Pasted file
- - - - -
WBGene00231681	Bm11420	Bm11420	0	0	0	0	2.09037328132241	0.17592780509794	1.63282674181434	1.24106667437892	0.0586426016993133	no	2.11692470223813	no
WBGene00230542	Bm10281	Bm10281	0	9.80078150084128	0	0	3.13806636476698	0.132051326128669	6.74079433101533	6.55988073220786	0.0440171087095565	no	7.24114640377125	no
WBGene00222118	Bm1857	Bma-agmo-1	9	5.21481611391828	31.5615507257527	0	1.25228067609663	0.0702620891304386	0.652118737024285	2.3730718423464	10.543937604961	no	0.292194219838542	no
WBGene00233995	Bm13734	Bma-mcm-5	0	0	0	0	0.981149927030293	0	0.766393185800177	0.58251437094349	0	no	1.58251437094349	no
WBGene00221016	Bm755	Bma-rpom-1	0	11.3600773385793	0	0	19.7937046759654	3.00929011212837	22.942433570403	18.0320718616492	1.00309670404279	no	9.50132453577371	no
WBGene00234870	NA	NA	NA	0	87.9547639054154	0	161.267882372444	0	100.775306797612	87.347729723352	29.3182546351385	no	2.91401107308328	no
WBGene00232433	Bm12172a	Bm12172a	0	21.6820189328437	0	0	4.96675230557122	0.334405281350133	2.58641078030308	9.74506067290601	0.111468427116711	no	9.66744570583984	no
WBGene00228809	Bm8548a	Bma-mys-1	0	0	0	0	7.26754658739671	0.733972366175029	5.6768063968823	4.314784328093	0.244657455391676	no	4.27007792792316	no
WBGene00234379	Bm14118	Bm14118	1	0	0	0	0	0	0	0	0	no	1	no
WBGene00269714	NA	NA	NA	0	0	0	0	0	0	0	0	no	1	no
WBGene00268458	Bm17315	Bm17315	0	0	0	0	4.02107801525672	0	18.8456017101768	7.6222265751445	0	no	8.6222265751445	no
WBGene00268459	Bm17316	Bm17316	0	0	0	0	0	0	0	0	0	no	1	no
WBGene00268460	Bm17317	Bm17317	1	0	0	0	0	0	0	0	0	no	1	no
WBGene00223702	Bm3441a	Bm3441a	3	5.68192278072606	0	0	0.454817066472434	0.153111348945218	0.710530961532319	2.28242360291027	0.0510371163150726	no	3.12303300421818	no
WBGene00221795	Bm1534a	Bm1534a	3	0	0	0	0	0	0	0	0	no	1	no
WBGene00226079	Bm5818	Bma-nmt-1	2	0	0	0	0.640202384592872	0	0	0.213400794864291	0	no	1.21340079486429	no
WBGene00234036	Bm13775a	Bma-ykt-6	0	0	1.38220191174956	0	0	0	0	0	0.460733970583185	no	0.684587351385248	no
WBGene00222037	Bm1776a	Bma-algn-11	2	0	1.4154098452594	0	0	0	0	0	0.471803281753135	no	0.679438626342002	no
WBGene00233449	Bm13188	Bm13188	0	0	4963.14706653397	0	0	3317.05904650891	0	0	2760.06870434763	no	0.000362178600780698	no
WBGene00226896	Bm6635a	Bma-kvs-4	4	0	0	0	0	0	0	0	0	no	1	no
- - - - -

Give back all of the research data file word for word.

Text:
WBGene00231681	Bm11420	Bm11420	0	0	0	0	2.09037328132241	0.17592780509794	1.63282674181434	1.24106667437892	0.0586426016993133	no	2.11692470223813	no
WBGene00230542	Bm10281	Bm10281	0	9.80078150084128	0	0	3.13806636476698	0.132051326128669	6.74079433101533	6.55988073220786	0.0440171087095565	no	7.24114640377125	no
WBGene00222118	Bm1857	Bma-agmo-1	9	5.21481611391828	31.5615507257527	0	1.25228067609663	0.0702620891304386	0.652118737024285	2.3730718423464	10.543937604961	no	0.292194219838542	no
WBGene00233995	Bm13734	Bma-mcm-5	0	0	0	0	0.981149927030293	0	0.766393185800177	0.58251437094349	0	no	1.58251437094349	no
WBGene00221016	Bm755	Bma-rpom-1	0	11.3600773385793	0	0	19.7937046759654	3.00929011212837	22.942433570403	18.0320718616492	1.00309670404279	no	9.50132453577371	no
WBGene00234870	NA	NA	NA	0	87.9547639054154	0	161.267882372444	0	100.775306797612	87.347729723352	29.3182546351385	no	2.91401107308328	no
WBGene00232433	Bm12172a	Bm12172a	0	21.6820189328437	0	0	4.96675230557122	0.334405281350133	2.58641078030308	9.74506067290601	0.111468427116711	no	9.66744570583984	no
WBGene00228809	Bm8548a	Bma-mys-1	0	0	0	0	7.26754658739671	0.733972366175029	5.6768063968823	4.314784328093	0.244657455391676	no	4.27007792792316	no
WBGene00234379	Bm14118	Bm14118	1	0	0	0	0	0	0	0	0	no	1	no
WBGene00269714	NA	NA	NA	0	0	0	0	0	0	0	0	no	1	no
WBGene00268458	Bm17315	Bm17315	0	0	0	0	4.02107801525672	0	18.8456017101768	7.6222265751445	0	no	8.6222265751445	no
WBGene00268459	Bm17316	Bm17316	0	0	0	0	0	0	0	0	0	no	1	no
WBGene00268460	Bm17317	Bm17317	1	0	0	0	0	0	0	0	0	no	1	no
WBGene00223702	Bm3441a	Bm3441a	3	5.68192278072606	0	0	0.454817066472434	0.153111348945218	0.710530961532319	2.28242360291027	0.0510371163150726	no	3.12303300421818	no
WBGene00221795	Bm1534a	Bm1534a	3	0	0	0	0	0	0	0	0	no	1	no
WBGene00226079	Bm5818	Bma-nmt-1	2	0	0	0	0.640202384592872	0	0	0.213400794864291	0	no	1.21340079486429	no
WBGene00234036	Bm13775a	Bma-ykt-6	0	0	1.38220191174956	0	0	0	0	0	0.460733970583185	no	0.684587351385248	no
WBGene00222037	Bm1776a	Bma-algn-11	2	0	1.4154098452594	0	0	0	0	0	0.471803281753135	no	0.679438626342002	no
WBGene00233449	Bm13188	Bm13188	0	0	4963.14706653397	0	0	3317.05904650891	0	0	2760.06870434763	no	0.000362178600780698	no
WBGene00226896	Bm6635a	Bma-kvs-4	4	0	0	0	0	0	0	0	0	no	1	no